Patrick Whitehead is co-owner and winemaker at Blue Ostrich Winery located in Saint Jo in the Red River Valley. The winery has grown over the years due in part to the excellent wine and hospitality of Patrick and the entire staff of Blue Ostrich. We are proud to feature Patrick Whitehead in this month’s winemaker profile.
- What did you do before becoming a winemaker (if anything)?
In my 20’s, I worked as a Top 40 on-air personality at several radio stations around the country. That eventually morphed into the management side of the business and for nearly 20 years, I worked as a programming and marketing executive for broadcasting corporations like Gannett, CBS, Nationwide, and I Heart media.
- What is the toughest challenge about being a winemaker in Texas?
We face many challenges, but problem solving can be fun, so we try not to dwell too much on the negative. At Blue Ostrich, we like to say; if you’re not part of the solution, you’re part of the precipitate (it’s a winemaker/chemist joke). Personally, I find it challenging to craft a balanced wine with minimal winemaker intervention. How great would it be to have all our red grapes hit the crush pad at 3.7 pH, 26 brix, and be physiologically ripe. If the grapes do come in with a natural pH as low as 3.7, there’s a good chance that they’re not really as ripe and sweet as they need to be in order to render the right amount of alcohol, fruit flavors, and color that we want. While there are things we can do on the back end to manipulate each of those components, I think the ideal scenario is to let Mother Nature do more of the upfront work so that the winemaker has to intervene less in the cellar. In North Texas, and most other parts of our state, Mother Nature tends to toss us a lot of curve balls.
- Is winemaking an art or a science or both?
Winemaking absolutely requires both hemispheres of the brain. Two winemakers could take the same fruit and each craft something very different. There are left brain components to winemaking that we all have to follow like protecting the health and stability of the fruit/juice, maintaining certain temperatures, etc. However, there is plenty of room to move the style dial. Yeast selection, use of untoasted oak, controlling fermentation speed, barrel choice, options for fining and stabilizing, and bleed the juice (saignée) to enhance color. There are a myriad of options in the winemaker’s toolbox.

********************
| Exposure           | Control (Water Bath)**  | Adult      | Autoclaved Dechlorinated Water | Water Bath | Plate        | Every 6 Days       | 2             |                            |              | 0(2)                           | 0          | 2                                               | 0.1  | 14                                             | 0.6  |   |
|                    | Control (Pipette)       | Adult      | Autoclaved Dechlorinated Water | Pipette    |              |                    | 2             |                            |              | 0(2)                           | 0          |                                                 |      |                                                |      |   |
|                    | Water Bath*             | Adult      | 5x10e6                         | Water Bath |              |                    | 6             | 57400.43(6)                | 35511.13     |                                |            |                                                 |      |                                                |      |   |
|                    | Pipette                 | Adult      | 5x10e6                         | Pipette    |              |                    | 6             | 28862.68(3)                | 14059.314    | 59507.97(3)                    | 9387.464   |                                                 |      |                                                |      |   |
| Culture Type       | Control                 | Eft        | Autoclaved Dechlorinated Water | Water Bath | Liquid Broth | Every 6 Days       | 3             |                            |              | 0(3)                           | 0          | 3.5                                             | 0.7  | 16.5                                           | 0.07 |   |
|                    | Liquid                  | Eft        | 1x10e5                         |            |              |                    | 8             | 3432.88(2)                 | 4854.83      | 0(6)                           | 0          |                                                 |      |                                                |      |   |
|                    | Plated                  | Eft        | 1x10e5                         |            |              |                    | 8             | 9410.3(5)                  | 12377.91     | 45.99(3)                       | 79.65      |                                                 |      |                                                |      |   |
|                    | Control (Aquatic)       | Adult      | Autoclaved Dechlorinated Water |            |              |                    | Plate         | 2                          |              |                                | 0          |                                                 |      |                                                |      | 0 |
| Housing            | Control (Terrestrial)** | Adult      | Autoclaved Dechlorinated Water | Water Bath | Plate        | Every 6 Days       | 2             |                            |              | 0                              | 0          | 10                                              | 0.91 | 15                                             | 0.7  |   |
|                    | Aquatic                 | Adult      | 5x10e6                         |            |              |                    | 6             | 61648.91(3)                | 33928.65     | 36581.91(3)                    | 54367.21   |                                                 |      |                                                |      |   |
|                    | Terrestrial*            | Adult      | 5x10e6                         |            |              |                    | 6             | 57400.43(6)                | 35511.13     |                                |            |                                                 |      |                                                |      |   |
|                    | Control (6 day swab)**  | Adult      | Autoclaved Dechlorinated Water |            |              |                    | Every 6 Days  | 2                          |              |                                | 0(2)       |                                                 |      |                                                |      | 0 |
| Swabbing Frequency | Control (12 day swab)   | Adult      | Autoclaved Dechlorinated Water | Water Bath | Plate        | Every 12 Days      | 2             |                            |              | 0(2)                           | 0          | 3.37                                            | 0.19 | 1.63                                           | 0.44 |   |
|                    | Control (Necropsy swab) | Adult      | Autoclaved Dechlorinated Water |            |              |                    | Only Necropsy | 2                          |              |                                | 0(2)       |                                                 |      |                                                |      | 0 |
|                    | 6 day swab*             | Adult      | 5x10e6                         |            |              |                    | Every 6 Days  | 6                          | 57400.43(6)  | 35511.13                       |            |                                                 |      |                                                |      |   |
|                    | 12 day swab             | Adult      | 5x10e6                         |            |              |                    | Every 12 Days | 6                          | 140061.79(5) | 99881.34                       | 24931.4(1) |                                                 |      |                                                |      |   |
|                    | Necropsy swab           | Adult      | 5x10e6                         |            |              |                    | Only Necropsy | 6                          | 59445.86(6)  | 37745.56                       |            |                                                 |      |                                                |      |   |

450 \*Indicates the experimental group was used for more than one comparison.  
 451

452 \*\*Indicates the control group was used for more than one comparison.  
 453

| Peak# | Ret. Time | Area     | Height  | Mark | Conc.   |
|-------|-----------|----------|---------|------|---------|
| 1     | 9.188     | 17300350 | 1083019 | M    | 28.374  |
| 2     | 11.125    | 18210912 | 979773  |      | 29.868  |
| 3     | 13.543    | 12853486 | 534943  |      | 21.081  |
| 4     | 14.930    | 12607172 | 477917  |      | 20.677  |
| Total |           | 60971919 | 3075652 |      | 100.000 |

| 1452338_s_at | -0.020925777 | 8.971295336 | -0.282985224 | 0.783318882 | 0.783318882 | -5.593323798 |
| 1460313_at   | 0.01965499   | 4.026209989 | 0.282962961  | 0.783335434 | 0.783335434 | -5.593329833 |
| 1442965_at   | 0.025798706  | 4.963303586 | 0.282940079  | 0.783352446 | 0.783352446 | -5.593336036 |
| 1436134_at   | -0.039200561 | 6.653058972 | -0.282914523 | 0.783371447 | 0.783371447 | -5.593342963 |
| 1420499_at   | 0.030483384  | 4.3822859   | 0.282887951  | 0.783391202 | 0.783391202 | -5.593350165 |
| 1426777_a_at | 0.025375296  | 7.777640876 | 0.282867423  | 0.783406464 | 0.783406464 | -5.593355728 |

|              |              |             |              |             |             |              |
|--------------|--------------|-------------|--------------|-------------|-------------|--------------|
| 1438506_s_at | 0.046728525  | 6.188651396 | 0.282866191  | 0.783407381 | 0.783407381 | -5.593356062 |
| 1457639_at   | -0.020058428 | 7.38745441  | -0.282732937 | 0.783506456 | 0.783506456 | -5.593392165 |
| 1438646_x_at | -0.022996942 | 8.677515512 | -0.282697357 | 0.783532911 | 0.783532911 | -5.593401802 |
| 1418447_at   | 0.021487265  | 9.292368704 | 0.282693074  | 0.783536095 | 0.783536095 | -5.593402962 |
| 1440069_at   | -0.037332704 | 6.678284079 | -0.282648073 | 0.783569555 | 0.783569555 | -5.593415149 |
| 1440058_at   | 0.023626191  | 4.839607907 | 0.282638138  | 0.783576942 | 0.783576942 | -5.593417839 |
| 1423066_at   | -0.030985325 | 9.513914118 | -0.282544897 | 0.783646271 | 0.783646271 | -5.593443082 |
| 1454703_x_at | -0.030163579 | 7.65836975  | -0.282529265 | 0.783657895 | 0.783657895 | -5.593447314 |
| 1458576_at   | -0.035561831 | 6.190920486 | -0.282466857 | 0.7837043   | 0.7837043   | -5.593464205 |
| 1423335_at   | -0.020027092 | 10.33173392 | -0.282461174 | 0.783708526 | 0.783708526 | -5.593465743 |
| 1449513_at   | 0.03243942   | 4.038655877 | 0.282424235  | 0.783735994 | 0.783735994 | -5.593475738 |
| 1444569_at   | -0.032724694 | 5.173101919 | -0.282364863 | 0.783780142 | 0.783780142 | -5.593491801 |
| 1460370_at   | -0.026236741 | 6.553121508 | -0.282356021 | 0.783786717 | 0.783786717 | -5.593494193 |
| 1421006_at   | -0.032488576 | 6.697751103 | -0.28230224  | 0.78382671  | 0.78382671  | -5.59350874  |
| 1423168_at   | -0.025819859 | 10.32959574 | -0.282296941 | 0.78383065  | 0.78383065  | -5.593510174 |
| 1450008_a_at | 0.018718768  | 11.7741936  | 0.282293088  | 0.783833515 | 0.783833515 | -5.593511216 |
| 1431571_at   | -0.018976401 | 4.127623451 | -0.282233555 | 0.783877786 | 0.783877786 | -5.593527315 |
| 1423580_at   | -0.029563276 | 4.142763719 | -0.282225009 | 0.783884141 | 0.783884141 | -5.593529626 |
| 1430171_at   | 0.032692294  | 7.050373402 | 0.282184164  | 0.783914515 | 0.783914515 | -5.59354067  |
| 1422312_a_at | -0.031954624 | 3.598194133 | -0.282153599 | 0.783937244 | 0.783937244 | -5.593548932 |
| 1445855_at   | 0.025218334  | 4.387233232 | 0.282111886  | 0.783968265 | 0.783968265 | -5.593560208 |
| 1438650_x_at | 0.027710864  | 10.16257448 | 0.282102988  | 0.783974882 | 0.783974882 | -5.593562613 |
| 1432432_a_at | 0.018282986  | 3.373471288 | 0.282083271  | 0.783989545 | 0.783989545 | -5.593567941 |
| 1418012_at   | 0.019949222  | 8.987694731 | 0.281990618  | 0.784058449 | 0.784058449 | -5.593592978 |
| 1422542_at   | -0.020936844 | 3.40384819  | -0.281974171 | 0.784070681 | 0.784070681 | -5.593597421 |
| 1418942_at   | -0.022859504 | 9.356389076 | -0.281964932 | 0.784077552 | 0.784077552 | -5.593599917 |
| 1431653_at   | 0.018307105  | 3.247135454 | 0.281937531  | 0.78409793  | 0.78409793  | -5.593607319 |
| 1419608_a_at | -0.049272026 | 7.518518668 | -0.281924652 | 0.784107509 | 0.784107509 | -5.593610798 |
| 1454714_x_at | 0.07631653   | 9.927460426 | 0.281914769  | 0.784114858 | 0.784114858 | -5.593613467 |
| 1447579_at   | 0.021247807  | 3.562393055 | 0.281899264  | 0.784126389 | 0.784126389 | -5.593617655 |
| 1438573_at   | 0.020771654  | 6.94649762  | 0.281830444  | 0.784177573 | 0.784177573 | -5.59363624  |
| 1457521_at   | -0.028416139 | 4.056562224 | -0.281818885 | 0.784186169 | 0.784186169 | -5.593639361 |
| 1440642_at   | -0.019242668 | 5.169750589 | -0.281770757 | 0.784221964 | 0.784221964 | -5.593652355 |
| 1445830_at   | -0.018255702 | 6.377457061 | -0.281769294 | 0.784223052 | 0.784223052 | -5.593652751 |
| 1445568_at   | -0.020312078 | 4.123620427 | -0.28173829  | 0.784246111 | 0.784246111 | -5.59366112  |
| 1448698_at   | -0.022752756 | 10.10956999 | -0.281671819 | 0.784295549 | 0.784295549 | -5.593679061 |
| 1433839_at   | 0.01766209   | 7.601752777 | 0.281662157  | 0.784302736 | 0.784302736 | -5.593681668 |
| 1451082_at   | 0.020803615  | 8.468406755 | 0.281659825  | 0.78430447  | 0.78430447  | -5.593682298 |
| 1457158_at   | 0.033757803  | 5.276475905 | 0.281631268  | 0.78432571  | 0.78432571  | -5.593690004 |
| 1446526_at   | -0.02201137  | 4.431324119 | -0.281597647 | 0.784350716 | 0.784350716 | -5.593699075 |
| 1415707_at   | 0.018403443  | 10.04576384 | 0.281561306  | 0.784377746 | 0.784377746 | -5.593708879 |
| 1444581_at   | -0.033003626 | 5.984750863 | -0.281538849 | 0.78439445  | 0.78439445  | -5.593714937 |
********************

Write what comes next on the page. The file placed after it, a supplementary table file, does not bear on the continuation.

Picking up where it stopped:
- What is your favorite food and wine pairing?
Pretty basic stuff. Tenderloin finished medium rare with a full bodied, balanced red with above average oak tannins. Doesn’t always have to be a Cab. Syrah will do nicely too!
- If you didn’t make wine, what would you do?
I dabbled in video production for several years. Just fun stuff for family and friends…birthday tributes, vacation videos, etc. My wife and I had seriously considered opening a small video production business in 2008, but as we worked through a couple of different business scenarios, we began to we realize that the opportunity to be a part of the Texas wine and grape community was too good to pass up, plus the timing was right. The Blue Ostrich project we had been developing with our business partners was really picking up steam in 2010, so we left video on the drawing board and committed to the grape.
- What first attracted you to winemaking and how long have you been doing it?
I made wine at home for a bit before we opened the winery, but commercial winemaking only about six years. I love the fact that it’s an ancient process. It’s biblical and it’s artisan. The “science” part of winemaking is relatively new in the last 60-80 years. Even though there have been a lot of technological advancements in grape picking, grape sorting, juice, and must analysis, etc., I don’t know that winemaking can ever be replaced entirely by computers. It’s not the same as flying airplanes or medical procedures or banking. I believe there’s a visceral aspect to winemaking.
- What is the most common question you are asked as a winemaker?
How long do you keep the wine in the barrels, and what do you do with a barrel when you’re finished using it? Winery visitors are fascinated with barrels.
- After a long day in the winery or vineyard, what do you do?
Watching the sunset over the Red River Valley with a glass of wine or a cocktail, and the company of my wife Julie and/or good friends.
- What’s the greatest part about being a winemaker?
Watching our guests enjoy the wines we produce. Anytime we release a new wine, it’s like sending your kid off to the first day of school. Will it meet everyone’s expectations? Will they like it? Will they want to take it home and introduce it to others?
- What is your winemaking philosophy, that is, what are you trying to achieve with your wines?
We just want to make people happy by crafting something they enjoy and perhaps introduce them to new styles and varietals. Since everyone’s taste is different, that means being able to offer several styles, so we stay busy conceiving new blends and new ways to keep things fresh and interesting.
- Anything else you would like to add?
I have lived in seven different states in my previous career, and Texas is special in so many ways. We have a fantastic community of grape growers, wine makers, and wine lovers that coalesce to create this dynamic of Texas wine. We’ve barely scratched the surface of what’s to come.